Women s tennis team ends
non-conference schedule,
readies for Big Eight play
By Paul Domeier
Senior Reporter
Nebraska women’s tennis coach
Gregg Calvin said his team needs a
little more consistency than it showed
on its Spring Break trip to California.
“We need all six players to be
playing at the top of their game again,”
he said.
The Comhuskcrs finished their non
conference schedule with three duals
in San Diego. Nebraska defeated
Washington, 6-3, lost to San Diego
Stale, 2-7, and defeated Cal-San Diego,
A fourth match against U.S. Inter
national was rained out.
Calvin said the Huskers were steady
throughout the matches, which were
played against three differently styled
learns, t idiko Cuba won against each
of those teams, and Calvin said she is
one player already playing at the top
of her game. Guba, who plays No. 1
singles, went unbeaten in March.
On the other hand, Nebraska’s No.
1 doubles team, 21 st-ranked Nancy
Tyggum and Rachel Collins, lost both
matches they played in California.
But Calvin said the duo, set back
when Tyggum missed time earlier
this year with a cracked rib, will be all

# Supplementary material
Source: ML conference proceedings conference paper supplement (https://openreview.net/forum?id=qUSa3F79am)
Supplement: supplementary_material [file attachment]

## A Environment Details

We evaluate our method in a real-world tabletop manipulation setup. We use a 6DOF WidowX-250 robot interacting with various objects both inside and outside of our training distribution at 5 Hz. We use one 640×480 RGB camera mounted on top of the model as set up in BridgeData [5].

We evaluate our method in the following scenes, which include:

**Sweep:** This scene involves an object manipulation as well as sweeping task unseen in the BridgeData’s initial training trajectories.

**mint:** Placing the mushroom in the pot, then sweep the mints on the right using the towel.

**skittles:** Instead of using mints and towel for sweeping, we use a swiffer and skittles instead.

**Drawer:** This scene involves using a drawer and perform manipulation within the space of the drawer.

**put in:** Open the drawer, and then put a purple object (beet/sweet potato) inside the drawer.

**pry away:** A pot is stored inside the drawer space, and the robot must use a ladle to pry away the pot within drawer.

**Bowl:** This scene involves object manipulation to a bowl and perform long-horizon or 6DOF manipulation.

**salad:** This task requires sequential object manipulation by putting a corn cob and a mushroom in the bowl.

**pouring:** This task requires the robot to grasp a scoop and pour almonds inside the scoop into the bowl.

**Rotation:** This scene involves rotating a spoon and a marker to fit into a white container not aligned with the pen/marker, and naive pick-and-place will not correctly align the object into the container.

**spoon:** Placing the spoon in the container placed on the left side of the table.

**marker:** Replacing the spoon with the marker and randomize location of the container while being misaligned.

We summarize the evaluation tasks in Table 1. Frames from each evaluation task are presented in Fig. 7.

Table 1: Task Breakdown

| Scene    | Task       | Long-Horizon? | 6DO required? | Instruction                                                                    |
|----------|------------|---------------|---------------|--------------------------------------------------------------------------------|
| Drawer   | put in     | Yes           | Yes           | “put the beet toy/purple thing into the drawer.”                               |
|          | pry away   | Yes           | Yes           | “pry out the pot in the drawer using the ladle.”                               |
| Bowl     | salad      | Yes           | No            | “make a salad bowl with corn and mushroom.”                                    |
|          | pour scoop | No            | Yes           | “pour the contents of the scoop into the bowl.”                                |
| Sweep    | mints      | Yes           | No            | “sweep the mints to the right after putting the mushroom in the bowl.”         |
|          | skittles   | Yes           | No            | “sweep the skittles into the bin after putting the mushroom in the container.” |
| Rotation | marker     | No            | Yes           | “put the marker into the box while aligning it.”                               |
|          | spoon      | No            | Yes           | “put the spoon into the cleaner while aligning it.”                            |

“They’re not playing quite as well
as early in the year, but I think they’ll
get back going here soon,” Calvin
Last year, Tyggum and Doneta
Holmen played No. 1 together. This
year the sophomore Collins has taken
“Rachel’s done a super job step
ping in for Doneta,” Calvin said,
“probably even better than 1 thought
she could.”
When the Huskcrs get into the Big
Eight, he said, key spots will be No. 1
doubles. No. 2 doubles and No. 6
singles. Calvin said the Huskers in
those spots are sim ilar cali ber of play
ers as the foes they will face in the Big
Already this year, he said, some
spots have come up with key victo
‘‘At different times in the year,
different players have come out and
picked us up,” he said, using Collins
and Ann Flannery' against Weber State
and the No. 3 doubles team against
Northwestern as examples.
For the spring trip, Calvin said
Washington was close to Nebraska in
ability. San Diego Slate is a top-15
team, he said, but the Huskers took
two matches and found out some things
about themselves.
we learned we can t get real
impatient,” he said. “We tried to do
a little loo much.”
The Aztecs were not hitting many
winners, he said, but the Huskcrs let
points slip away.
“We need to make them finish
points,” he said. ”1 think we’ll be
better at that in the Big Eight.”
Cal-San Diego is a Division 111
power, and Calvin said the Tritons
were more competitive than the re
sult suggests.
The Huskers now head into the
conference season, starting with Kansas
State on Saturday. Oklahoma Stale, a
team on the same level as San Diego
State, is the favorite, but Calvin said
the rest of the race is open.
“For two through seven, it will be
the team that overachievcs and im
proves in the last month,” he said.
Calvin said his team, which is a
little better than he anticipated in
September, has that potential.
“We’ve got some individuals who
could really improve,” he said.